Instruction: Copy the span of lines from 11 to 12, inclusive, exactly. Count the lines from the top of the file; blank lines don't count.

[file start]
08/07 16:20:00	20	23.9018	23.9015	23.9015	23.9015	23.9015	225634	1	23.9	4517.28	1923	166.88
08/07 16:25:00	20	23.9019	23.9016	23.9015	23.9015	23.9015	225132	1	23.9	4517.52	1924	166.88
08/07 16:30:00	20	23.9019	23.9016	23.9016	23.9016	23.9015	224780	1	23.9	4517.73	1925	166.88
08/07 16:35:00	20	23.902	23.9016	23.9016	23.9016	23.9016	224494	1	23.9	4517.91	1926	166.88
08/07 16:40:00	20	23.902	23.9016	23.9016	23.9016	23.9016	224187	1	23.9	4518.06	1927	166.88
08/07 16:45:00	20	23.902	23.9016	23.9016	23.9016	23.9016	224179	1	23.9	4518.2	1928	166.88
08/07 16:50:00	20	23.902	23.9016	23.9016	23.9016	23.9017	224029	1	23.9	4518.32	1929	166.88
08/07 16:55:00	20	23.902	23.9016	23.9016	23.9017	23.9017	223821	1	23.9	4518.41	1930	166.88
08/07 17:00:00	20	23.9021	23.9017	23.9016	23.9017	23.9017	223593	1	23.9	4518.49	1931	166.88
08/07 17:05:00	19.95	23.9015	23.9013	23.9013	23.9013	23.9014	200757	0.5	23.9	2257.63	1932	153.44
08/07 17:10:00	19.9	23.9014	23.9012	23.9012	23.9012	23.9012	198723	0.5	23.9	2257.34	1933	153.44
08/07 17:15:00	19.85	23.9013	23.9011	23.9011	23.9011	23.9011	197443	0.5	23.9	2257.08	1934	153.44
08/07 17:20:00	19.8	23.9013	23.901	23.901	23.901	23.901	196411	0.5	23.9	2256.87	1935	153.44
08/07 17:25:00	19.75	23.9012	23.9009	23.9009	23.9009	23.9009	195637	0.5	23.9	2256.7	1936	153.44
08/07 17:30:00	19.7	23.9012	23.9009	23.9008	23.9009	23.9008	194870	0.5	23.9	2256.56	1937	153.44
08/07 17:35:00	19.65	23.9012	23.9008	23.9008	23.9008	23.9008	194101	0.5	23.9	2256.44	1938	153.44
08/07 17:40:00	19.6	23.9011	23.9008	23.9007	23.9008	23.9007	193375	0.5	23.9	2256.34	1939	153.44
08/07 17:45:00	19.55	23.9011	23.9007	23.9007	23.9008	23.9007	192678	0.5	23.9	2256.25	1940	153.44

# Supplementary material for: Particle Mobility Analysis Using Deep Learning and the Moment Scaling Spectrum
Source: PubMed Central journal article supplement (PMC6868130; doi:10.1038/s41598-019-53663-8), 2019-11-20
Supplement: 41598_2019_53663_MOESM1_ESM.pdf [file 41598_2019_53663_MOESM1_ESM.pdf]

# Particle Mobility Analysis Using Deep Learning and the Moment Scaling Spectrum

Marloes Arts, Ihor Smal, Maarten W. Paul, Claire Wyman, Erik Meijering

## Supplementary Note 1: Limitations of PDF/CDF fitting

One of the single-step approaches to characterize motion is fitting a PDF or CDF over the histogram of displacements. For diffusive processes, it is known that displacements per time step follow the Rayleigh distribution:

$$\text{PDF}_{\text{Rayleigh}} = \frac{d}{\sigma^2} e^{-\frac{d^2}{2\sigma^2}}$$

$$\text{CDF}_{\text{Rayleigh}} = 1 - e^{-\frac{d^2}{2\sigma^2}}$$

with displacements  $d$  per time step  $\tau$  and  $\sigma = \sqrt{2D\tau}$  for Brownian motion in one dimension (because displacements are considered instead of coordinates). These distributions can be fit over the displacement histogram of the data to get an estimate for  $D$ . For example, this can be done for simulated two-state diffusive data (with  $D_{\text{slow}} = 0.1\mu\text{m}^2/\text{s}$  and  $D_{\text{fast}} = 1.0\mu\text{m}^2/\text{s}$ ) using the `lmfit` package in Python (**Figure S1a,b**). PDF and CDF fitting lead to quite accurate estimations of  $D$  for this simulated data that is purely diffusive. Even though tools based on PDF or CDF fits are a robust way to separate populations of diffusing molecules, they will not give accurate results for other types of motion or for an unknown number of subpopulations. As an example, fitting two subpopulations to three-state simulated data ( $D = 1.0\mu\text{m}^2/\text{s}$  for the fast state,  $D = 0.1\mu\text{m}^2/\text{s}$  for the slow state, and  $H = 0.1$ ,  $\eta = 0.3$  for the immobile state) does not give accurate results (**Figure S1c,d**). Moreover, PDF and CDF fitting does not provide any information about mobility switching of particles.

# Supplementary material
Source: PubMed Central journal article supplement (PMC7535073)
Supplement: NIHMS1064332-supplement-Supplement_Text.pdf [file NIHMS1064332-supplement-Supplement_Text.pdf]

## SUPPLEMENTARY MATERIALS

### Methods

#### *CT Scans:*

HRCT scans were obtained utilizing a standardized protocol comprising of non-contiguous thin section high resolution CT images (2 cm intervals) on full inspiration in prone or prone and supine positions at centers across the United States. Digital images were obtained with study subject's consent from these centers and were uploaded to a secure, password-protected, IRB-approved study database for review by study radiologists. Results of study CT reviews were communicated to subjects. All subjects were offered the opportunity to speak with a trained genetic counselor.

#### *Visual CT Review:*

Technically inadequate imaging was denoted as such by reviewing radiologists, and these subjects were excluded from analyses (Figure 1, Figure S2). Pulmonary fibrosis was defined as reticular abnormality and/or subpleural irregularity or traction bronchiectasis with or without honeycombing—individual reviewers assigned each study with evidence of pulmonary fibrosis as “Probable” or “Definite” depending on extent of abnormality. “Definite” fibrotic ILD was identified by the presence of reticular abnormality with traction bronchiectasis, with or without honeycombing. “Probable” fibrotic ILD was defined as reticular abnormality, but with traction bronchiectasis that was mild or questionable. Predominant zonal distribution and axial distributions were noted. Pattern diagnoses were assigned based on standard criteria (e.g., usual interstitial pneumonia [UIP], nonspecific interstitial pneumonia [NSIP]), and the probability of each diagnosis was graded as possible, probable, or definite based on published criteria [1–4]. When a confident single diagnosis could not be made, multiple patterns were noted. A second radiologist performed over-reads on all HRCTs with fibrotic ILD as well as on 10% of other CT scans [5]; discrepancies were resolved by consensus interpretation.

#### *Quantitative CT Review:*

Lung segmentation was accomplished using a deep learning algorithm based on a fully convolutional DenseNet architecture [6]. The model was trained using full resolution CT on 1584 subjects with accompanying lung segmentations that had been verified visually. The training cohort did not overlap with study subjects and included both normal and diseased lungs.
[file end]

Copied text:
08/07 17:10:00	19.9	23.9014	23.9012	23.9012	23.9012	23.9012	198723	0.5	23.9	2257.34	1933	153.44
08/07 17:15:00	19.85	23.9013	23.9011	23.9011	23.9011	23.9011	197443	0.5	23.9	2257.08	1934	153.44